Saturday, September 28, 2013

Barley, Round 2

Well, the Autumnal Equinox has come and gone, and with it the "four-to-six weeks before first frost" mark for my area.  What does that mean?  Time to sow the winter barley!

As I write this (the 28th of September), the barley has been in the ground for just over a week.  Again, two varieties of winter barley: Maris Otter, and Halcyon.  I put down roughly 200g of each seed, using one of the garden planter-boxes.  I added a thin mulch layer, and have watered every other day for a few minutes (enough to soak the soil); I'll keep up with that watering regime (less days when it actually rains) until I start seeing reliable predictions for the actual first frost.  (About then, the grain will go 'dormant' for the winter.)

Since the seed was planted in the garden area (near the house), as opposed to out in the field ('far' from the house), I've been able to keep an eye on them.  That, and having an electric fence I can put up have made it less likely to suffer from deer predation (as happened last year).  Watching the seed chit, then sprout, then grow, has been fascinating!

Here's what we've got, a week into things:


That's the Halcyon on the left, and the Maris Otter below, on the right.  (Yes, there's a bit past the PVC pipe where it'll be hard to distinguish between them; since Halcyon is a descendant of Maris Otter, and since they're ultimately going to be malted together, I'm not terribly worried about it--I may, in fact, simply mix the two together next year.)

That looks roughly like 100% germination, or quite near enough.  If I get as good a harvest next year as I did this, I should end up with about 17lbs of each.  (Call it 15lbs, to account for inefficiencies in harvesting, etc.)  Not only would that get me set up to be "malt-sustainable" after one more harvest, it gives me more time to acquire the equipment I'll need for the larger-scale growing.

My hops didn't fare as well, this year: my "retired" Cascades are fine, but the Willamette was the only variety of "new" stuff that did well enough to give me hope for next year...  The Magnum may have survived, but the "new" Cascade and the Sterling both thoroughly croaked.  I'll replace them next spring. They'll have better access to sunlight, as I've got a number of trees to take down; I'll also be better able to "baby" them along.  (Not to mention getting them in the ground earlier than I could, this year.)

Ah, progress...

Friday, September 6, 2013

Down an Unbeaten Path (Part I)

A popular contest in the SCA Arts & Sciences community is to do a "sheep-to-shirt" project--going from raw fleece, through cleaning, combing, spinning, dyeing, weaving, measuring, cutting, and sewing, to a finished garment.  Wouldn't it be cool to do a "rock-to-cup" project?  Start with ore, smelt it, hammer it out, then work it into some type of artifact?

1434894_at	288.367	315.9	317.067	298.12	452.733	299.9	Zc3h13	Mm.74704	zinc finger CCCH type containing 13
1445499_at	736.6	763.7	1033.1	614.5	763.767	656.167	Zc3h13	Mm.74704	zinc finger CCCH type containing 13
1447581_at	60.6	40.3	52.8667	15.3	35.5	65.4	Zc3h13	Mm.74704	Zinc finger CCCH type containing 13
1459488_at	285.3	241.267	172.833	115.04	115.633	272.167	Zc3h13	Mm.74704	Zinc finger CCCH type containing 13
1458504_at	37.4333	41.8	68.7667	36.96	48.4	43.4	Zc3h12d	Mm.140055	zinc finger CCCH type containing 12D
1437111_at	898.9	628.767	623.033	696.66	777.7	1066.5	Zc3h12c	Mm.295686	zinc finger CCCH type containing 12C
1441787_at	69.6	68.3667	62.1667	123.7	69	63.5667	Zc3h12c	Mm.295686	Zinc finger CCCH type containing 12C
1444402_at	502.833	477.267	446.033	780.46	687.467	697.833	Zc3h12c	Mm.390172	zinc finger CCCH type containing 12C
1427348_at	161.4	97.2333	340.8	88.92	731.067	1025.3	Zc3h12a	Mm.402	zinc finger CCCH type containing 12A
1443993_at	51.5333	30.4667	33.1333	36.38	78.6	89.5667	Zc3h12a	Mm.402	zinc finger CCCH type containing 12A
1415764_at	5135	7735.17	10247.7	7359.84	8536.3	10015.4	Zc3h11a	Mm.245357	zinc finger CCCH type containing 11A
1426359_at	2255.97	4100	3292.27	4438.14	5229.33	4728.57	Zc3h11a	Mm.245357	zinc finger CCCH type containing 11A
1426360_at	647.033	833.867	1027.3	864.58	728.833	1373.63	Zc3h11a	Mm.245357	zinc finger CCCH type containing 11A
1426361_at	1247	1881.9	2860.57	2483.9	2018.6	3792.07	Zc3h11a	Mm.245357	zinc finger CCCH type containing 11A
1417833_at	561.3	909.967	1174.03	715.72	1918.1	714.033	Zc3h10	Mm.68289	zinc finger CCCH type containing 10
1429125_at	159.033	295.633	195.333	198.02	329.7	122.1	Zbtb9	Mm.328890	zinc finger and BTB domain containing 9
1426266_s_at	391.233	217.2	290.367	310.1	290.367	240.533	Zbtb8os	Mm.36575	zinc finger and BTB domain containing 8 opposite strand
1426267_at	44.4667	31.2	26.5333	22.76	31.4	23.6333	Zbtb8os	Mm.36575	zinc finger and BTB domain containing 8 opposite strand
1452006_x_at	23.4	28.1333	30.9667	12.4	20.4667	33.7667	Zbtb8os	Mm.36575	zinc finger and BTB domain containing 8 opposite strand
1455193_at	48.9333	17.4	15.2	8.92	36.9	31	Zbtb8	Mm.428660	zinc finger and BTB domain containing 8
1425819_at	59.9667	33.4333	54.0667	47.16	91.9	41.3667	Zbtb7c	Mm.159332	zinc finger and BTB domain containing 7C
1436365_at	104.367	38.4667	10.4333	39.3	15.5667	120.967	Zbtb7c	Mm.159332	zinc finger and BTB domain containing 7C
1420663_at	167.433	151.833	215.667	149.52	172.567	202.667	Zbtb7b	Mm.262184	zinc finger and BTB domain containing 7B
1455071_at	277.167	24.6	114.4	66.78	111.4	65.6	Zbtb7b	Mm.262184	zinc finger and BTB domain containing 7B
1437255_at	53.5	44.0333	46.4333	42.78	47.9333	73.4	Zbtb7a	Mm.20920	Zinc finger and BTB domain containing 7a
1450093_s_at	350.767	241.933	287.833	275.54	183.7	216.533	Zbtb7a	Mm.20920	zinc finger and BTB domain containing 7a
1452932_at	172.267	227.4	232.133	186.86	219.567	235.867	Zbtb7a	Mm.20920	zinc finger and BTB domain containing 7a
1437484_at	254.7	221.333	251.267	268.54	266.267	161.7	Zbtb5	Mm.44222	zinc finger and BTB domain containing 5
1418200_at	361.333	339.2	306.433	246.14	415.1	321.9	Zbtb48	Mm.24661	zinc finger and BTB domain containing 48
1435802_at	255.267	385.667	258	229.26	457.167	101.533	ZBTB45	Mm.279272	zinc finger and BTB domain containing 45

So, I started looking into where copper comes from.  I've got plenty, to be honest--having recently re-plumbed my house, and removed all of the old plumbing still in the basement from the last re-plumbing, there's lots of old copper pipe sitting in the Garage, awaiting its trip to the recycling facility; I could "save" some of it by melting it down myself--but I'm getting ahead of my story...

Good sources of copper ore include malachite and azurite, both semi-precious stones.  Well, not having the funds available to buy enough of either, I began casting about for alternatives.  As luck would have it, I found a YouTube video on making your own copper ore, from common household ingredients.  The process involves dissolving some root killer (copper sulfate) in water, then adding baking soda.  The sodium bicarbonate reacts with the copper sulfate to give copper carbonate, water, a little sodium sulfate, and a whole lot of CO2.  The copper carbonate crystals will precipitate and settle out of solution--and what is malachite, but copper carbonate!  A little coarse filtration and drying, and there you are.

What is required then is smelting.  Again, YouTube to the rescue!  Another couple of videos demonstrate "Bronze Age" and "Iron Age" smelting.  Dig a small hole, add a blow-tube ("truyere") with a bellows; build a charcoal fire.  When it's going well, toss in your crushed "malachite" (copper carbonate dust/powder), add a little more charcoal, then cover the whole thing (you need a reducing environment, with minimal oxygen, else you'll end up with black copper oxide).  Let it go for a few hours, working the bellows the whole time, then let the fire go out, and the whole thing can cool.  Dig through the ashes at the bottom, and hey-presto!

All of which seems a little primitive.  You can also put your ore, with a little charcoal, into a crucible, put a lid on it, and heat the whole thing up, then pour it into a mold (or cast something with it--I've got the soapstone for it...).  Much cleaner!  But I don't have a crucible... So, a little more research is in order.

(To Be Continued...)

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